Any receiver would force through sales of farms, property developments and small businesses, many of whom are not paying the interest on the loans received from South Canterbury Finance. Dairy farm prices in the South Island could potentially take a big hit. Some believe this could send a new chill through the South Island that eventually cost jobs and stunt any recovery of economic growth. That’s because the Australian-owned banks are unlikely to step in to take over the loans.

This is the potential cost of letting it fail. It may be quite huge. It’s easy to just say “let them fail”, but that will mean a large payout by the Government, and a hit to the South Island economy.

South Canterbury Finance does not have a future beyond the end of the Deposit Guarantee. To have such a future, it would need to substantially increase its credit rating, find a new funder and convince already sceptical investors to go naked in backing the finance company without a deposit guarantee. They will also have to do it without their talisman Allan Hubbard, who will be long gone as owner and maestro.

At some point New Zealand’s dairy farming sector, particularly in the South Island, will have to reduce its debt.

When that happens it will be painful.

But as many investors in finance companies such as Strategic, St Laurence, Hanover and Dominion would attest, giving finance companies more time to ‘work it out’ and wait for the ‘market to bounce back’ is often worse than pulling the plug immediately. The New Zealand government faces a bail out decision in the same way Hanover Finance investors did 8 months ago and 12 months before that.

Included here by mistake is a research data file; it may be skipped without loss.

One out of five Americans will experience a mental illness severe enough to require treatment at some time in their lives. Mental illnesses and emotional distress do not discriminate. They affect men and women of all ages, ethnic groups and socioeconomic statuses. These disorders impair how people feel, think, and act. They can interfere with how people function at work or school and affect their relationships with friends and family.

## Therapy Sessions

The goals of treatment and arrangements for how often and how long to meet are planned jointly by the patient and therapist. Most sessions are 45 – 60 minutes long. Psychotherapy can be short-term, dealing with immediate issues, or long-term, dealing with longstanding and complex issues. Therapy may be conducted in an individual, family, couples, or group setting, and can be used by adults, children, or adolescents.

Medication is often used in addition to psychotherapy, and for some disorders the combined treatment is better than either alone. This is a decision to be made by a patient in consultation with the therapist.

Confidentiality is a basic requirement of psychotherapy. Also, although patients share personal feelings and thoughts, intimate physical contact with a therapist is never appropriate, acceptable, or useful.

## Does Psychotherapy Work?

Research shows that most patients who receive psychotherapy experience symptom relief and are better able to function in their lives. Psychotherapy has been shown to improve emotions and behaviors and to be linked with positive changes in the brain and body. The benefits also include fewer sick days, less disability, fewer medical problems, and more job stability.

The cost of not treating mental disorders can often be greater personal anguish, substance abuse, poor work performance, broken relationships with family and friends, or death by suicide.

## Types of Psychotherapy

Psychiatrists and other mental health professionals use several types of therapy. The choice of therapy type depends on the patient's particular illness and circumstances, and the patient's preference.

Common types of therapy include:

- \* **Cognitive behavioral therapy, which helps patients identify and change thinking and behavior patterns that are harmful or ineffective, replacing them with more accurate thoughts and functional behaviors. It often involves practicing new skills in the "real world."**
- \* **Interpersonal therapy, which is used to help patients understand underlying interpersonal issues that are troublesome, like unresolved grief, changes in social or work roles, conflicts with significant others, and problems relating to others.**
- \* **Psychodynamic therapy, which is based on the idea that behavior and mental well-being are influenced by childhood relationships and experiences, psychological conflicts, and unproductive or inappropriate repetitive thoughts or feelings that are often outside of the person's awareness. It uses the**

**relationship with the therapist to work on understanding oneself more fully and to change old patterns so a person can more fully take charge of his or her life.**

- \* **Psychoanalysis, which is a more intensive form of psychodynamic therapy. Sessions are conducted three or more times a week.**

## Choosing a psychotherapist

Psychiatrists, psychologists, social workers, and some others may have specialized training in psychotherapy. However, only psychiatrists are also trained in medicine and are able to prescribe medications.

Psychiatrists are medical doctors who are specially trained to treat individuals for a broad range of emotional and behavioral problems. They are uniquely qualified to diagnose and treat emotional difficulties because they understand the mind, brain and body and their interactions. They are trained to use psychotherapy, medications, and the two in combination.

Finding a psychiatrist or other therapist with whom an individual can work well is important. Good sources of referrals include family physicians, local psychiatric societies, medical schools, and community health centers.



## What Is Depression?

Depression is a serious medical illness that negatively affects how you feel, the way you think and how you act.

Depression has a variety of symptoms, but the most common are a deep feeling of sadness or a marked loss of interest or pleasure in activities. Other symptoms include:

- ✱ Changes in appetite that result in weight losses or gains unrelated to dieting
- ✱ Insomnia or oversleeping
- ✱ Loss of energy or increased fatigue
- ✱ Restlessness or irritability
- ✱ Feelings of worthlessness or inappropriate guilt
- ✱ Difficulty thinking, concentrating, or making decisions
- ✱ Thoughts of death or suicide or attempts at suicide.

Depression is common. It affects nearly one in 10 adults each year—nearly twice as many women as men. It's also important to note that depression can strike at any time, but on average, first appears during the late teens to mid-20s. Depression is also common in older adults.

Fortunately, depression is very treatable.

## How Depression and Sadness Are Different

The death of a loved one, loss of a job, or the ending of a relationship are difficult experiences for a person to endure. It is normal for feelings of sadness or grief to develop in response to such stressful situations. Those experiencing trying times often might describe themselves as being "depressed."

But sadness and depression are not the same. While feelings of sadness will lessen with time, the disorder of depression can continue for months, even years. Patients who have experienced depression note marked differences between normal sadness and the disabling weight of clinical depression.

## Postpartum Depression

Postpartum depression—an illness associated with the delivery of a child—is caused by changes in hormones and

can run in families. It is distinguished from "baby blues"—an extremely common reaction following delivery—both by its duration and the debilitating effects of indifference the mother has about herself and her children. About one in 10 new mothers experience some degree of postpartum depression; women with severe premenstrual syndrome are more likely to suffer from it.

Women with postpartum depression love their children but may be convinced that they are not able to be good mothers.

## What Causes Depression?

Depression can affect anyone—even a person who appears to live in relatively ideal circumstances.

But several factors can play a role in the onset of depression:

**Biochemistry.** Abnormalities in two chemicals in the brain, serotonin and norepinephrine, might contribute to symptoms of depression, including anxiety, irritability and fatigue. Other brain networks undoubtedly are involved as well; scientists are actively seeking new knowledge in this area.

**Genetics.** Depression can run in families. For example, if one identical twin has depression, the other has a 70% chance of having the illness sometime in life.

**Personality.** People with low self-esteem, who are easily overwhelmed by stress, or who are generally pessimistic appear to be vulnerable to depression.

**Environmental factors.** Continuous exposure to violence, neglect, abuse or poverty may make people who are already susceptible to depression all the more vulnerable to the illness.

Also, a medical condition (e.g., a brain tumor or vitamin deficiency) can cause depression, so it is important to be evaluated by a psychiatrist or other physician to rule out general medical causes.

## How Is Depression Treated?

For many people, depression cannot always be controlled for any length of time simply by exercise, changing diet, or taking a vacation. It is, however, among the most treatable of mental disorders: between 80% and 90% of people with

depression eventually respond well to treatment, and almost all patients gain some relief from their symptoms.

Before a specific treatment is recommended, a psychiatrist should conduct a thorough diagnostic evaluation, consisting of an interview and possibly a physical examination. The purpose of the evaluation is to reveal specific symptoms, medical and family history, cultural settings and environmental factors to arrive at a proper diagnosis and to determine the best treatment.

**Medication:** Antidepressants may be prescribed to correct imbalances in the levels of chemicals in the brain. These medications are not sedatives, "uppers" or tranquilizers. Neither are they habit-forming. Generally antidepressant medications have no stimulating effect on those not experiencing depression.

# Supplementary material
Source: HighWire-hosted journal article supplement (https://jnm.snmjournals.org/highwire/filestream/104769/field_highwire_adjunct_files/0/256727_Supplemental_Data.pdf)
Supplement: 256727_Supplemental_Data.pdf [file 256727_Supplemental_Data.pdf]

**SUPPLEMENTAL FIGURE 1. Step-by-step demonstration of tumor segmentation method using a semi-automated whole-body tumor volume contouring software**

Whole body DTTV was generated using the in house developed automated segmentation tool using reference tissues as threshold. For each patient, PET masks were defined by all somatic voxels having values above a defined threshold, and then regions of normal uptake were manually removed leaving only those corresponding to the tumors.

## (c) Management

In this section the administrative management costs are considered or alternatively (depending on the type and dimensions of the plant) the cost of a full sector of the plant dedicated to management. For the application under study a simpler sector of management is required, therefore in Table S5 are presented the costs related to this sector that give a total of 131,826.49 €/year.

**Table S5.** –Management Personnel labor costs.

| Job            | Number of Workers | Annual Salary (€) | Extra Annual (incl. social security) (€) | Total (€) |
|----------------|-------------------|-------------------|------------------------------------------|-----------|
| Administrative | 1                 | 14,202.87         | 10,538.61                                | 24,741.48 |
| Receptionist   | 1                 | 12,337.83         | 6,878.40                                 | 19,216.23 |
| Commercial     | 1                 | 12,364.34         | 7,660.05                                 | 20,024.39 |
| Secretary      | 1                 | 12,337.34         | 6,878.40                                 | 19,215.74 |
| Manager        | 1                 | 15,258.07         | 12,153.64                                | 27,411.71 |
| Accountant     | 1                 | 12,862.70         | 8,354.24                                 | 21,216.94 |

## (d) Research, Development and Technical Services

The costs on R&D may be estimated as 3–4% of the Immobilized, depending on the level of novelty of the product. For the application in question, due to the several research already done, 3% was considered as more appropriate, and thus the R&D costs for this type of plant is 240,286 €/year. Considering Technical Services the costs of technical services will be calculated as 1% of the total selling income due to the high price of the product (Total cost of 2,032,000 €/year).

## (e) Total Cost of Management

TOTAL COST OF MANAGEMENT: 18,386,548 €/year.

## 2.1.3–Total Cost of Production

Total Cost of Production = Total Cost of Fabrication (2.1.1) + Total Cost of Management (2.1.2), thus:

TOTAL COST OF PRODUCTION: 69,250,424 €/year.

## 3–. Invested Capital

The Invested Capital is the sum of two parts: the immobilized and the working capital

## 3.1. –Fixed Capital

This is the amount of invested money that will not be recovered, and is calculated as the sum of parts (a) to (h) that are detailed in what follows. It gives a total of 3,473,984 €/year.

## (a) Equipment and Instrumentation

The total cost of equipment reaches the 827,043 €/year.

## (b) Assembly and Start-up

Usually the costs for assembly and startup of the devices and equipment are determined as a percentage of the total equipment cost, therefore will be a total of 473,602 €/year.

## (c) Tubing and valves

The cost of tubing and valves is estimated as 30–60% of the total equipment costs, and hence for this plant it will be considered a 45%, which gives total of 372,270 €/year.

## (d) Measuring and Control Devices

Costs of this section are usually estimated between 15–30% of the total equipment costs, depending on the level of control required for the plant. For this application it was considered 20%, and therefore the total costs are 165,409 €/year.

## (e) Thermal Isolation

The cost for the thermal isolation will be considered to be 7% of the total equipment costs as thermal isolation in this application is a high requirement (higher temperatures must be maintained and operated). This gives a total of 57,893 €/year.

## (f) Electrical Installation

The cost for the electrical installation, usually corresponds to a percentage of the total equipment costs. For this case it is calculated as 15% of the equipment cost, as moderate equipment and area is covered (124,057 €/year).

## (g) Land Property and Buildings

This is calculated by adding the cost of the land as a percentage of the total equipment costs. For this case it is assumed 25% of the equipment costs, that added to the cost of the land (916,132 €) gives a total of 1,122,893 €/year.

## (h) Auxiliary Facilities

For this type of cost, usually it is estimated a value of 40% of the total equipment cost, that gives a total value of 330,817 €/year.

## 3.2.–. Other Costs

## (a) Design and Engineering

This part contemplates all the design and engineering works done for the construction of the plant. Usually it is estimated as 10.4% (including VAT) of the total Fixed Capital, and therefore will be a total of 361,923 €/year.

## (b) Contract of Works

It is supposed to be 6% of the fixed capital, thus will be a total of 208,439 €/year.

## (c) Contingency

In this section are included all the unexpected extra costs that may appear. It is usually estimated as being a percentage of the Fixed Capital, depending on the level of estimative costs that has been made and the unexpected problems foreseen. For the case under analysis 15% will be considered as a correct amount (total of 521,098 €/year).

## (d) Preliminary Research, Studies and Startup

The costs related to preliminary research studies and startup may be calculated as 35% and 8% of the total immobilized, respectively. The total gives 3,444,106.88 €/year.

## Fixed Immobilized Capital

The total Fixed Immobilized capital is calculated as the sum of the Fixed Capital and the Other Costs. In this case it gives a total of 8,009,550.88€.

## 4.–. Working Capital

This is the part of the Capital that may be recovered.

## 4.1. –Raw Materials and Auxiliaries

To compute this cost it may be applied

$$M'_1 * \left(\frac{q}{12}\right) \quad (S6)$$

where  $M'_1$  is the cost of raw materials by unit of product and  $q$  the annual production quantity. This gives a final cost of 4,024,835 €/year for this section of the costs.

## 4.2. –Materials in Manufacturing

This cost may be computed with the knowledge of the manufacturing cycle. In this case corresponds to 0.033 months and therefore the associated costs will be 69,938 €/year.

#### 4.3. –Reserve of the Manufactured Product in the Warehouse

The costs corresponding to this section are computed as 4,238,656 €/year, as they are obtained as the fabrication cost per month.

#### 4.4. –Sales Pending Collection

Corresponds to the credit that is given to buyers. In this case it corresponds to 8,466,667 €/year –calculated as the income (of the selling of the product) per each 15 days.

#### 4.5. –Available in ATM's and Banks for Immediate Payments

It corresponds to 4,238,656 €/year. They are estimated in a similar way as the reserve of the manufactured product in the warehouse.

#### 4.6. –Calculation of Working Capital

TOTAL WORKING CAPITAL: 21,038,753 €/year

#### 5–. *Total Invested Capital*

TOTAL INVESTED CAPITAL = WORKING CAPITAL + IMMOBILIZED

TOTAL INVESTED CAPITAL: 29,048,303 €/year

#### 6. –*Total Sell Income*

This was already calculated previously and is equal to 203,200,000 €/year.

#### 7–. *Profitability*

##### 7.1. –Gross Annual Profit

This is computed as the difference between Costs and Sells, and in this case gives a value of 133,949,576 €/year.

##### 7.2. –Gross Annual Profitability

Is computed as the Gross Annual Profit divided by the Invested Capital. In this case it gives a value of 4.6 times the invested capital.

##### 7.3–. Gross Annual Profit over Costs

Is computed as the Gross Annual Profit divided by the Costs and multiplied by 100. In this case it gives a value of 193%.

This is the crucial test – can SCF survive in the future if bailed out. Some compare it to Air NZ, which has thrived after a bail out. But there is a major difference between deciding to fly on an airline, or lend money to a finance company.

David Hillary also argues SCF should not be bailed out:

SCF is not a successful business, and it does not have a successful ‘good bank’ to salvage. The damage to SCF’s brand is total, SCF has been selling its best loans, and encouraging its best customers to re-finance elsewhere for probably a year now, leaving it with few good assets left. Its asset origination and management systems and personnel are the problem, and it is what needs to be closed down, not saved. …

SCF’s governance, leadership, culture and practices have been and are so bad that the company’s problems are pervasive, and this means that its liquidation value is likely to be higher than trying to keep it as a going concern.

Whatever the Government decides is going to be pretty unpopular.